Next you need to upload the assets and grab their urls.

Let’s start by adding your 3D model from Google Blocks. First download it from here. Then unzip the file onto your machine. Now back in Glitch, click the assets folder on the left of your screen.

Now drag the two files (model.obj and model.mtl) from the unzipped folder onto the page.

Then also drag the blur.png image as well.

An .obj file is our actual 3D model, the file describes the model’s geometry, and the .mtl file describes its material, how it appears, like the colors and textures. It’s a fairly common file format for 3D models like jpg and png are for images.

Here is what your assets screen should look like:

Next you’re going to grab the urls. Click the blur image and a little pop-up should appear. Click the copy Url button.

Now go back to index.html and paste that url into the src attribute of the img tag. Your code should look something like this:

<img id="blur-image" src="">

Now you need to repeat the process for the .obj and .mtl files.

Click the assets folder on the left again. Click the .obj file, and click the Copy Url button. Now go back to the index page and paste that url into the asset item for the obj file.

Repeat one more time for the mtl file.

You code should now look like this:

Place the 3D Objects in the A-Frame Scene

Now that you have all of your assets ready, let’s actually place them inside the scene!

First let’s create a ground element. You’ll use a plane primitive entity and rotate it -90 degrees so that it’s flat. To do so you’ll add an <a-plane> tag after our <a-sky> tag.

<a-plane position="0 0 0" rotation="-90 0 0" width="100" height="100" color="#333333"></a-plane>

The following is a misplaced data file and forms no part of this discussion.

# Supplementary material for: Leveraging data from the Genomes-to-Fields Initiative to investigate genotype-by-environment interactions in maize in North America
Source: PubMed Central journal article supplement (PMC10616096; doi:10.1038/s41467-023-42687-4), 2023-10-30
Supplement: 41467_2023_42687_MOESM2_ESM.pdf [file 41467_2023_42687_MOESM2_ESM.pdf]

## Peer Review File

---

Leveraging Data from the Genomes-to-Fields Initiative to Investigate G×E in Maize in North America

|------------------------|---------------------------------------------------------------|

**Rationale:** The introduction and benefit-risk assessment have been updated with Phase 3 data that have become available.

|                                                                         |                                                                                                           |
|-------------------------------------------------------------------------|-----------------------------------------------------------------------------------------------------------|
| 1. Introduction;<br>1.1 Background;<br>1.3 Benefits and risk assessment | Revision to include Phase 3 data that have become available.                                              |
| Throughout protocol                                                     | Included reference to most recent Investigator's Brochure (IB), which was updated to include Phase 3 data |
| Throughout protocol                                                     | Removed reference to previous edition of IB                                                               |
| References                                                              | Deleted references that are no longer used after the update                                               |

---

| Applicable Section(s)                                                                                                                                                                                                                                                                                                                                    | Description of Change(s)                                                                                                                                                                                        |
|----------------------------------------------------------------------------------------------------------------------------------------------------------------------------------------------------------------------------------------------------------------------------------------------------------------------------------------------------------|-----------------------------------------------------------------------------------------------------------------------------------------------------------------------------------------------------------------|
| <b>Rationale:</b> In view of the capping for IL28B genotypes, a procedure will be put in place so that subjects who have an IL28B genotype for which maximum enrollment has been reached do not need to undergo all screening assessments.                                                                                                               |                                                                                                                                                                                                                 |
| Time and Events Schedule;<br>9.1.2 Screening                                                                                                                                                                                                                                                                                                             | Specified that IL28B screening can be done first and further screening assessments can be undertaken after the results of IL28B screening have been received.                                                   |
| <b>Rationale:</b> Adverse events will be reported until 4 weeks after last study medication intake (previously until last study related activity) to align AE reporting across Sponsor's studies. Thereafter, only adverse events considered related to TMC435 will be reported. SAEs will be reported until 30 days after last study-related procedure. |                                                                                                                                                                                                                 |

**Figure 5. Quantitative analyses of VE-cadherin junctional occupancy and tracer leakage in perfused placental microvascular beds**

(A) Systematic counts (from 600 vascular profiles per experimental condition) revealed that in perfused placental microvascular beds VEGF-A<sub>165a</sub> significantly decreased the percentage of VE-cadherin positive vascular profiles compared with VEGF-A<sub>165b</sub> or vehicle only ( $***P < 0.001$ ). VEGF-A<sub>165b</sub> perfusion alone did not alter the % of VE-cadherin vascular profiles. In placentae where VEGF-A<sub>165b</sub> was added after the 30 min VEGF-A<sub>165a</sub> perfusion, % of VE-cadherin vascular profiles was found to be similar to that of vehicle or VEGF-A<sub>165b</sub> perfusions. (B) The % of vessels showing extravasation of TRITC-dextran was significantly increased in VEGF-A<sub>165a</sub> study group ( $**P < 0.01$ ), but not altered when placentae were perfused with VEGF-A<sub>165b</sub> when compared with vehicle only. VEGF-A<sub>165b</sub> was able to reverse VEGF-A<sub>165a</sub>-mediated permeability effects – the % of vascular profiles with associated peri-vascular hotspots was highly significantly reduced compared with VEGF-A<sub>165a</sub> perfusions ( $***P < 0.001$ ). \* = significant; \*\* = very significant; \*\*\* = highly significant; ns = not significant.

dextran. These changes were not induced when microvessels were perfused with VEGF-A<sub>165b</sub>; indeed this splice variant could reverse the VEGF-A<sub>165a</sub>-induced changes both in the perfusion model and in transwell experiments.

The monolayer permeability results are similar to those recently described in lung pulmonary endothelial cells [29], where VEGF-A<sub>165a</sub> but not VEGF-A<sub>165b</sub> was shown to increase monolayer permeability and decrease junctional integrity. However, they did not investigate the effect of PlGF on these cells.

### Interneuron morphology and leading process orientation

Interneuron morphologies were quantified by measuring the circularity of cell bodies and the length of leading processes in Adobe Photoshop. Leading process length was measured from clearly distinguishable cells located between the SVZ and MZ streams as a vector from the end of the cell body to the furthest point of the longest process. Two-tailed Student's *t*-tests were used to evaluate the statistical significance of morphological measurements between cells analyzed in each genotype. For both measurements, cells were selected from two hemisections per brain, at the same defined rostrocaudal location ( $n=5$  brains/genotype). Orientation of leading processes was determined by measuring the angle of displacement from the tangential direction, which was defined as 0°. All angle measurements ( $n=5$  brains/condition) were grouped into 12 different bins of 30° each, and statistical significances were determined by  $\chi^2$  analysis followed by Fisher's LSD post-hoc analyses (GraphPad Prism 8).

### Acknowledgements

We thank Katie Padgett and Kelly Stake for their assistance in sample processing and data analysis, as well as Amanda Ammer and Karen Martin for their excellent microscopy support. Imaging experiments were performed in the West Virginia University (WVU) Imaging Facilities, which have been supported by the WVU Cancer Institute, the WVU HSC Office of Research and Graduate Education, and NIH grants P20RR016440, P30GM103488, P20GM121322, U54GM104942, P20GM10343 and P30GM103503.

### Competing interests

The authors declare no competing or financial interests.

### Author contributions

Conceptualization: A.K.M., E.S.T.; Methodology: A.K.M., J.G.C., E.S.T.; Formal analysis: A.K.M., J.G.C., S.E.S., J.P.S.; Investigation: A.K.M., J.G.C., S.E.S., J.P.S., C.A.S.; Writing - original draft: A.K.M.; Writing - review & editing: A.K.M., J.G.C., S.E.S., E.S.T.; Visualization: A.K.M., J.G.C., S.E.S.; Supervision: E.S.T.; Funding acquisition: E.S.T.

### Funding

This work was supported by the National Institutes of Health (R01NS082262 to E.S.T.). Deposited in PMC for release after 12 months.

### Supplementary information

FYI: A primitive is a more semantic way of creating an entity with certain geometry and components. You can think of it as a convenient building block.

Note also that the width and height and most other numerical values in A-Frame are set in meters, not pixels. 1 meter is about 3.2 feet.

Click the Show Live button at the top left area of your screen to see what you have so far. You should see an empty scene, with a dark ground.

Now lets add your light model.

You’ll use another primitive , it will have attributes for both the obj and mtl file that you loaded in your assets tag. Here’s what your tag should look like:

<a-obj-model src="#street-lamp-obj" mtl="#street-lamp-mtl"></a-obj-model>

If you click the Show Live button now, you might be surprised to not see the 3D model. It’s actually there, click the S key on your keyboard (which will make you move backwards), and then you’ll see model.

Let’s tweak some attributes to position it in a more meaningful place.

First you’ll add the position attribute.

<a-obj-model position="2 2 -5" src="#street-lamp-obj" mtl="#street-lamp-mtl"></a-obj-model>

Notice that the position attribute has three values, x (left and right), y (up and down), and z (forward and backwards). A lower z value like -5, means it’s moving away from you.

Go ahead and click Show Live, and see the difference.

That’s a bit better, but it would be nicer if the light faced us instead of away from us. To fix that you’ll add the rotation attribute, and rotate the model 180 degrees around the y axis.

Add the rotation attribute like this:

<a-obj-model position="2 2 -5" rotation="0 180 0" src="#street-lamp-obj" mtl="#street-lamp-mtl"></a-obj-model>

Now if you click the Show Live button, it’s a little bit closer to the goal.

Add Lights and Set the Mood

First you’ll add the blur image next to the street lamp, to make it look like it’s turned on. Then you’ll add an actual A-Frame light. Finally you’ll set the fog to create the mood of mystery we talked about at the beginning of this article.

To add the blurred image you’ll add the <a-image> tag after the <a-obj-model> tag. You’ll also want to position it next to the top of the street lamp.

<a-image position="1.4 3.6 -5" src="#blur-image"></a-image>

Your scene should now look like this.

It’s getting closer, but there’s a small problem. If you walk forward (using the W key) and look at the light, notice that the blur image is flat. It looks quiet odd at this angle. Check out the next screenshot to see the problem.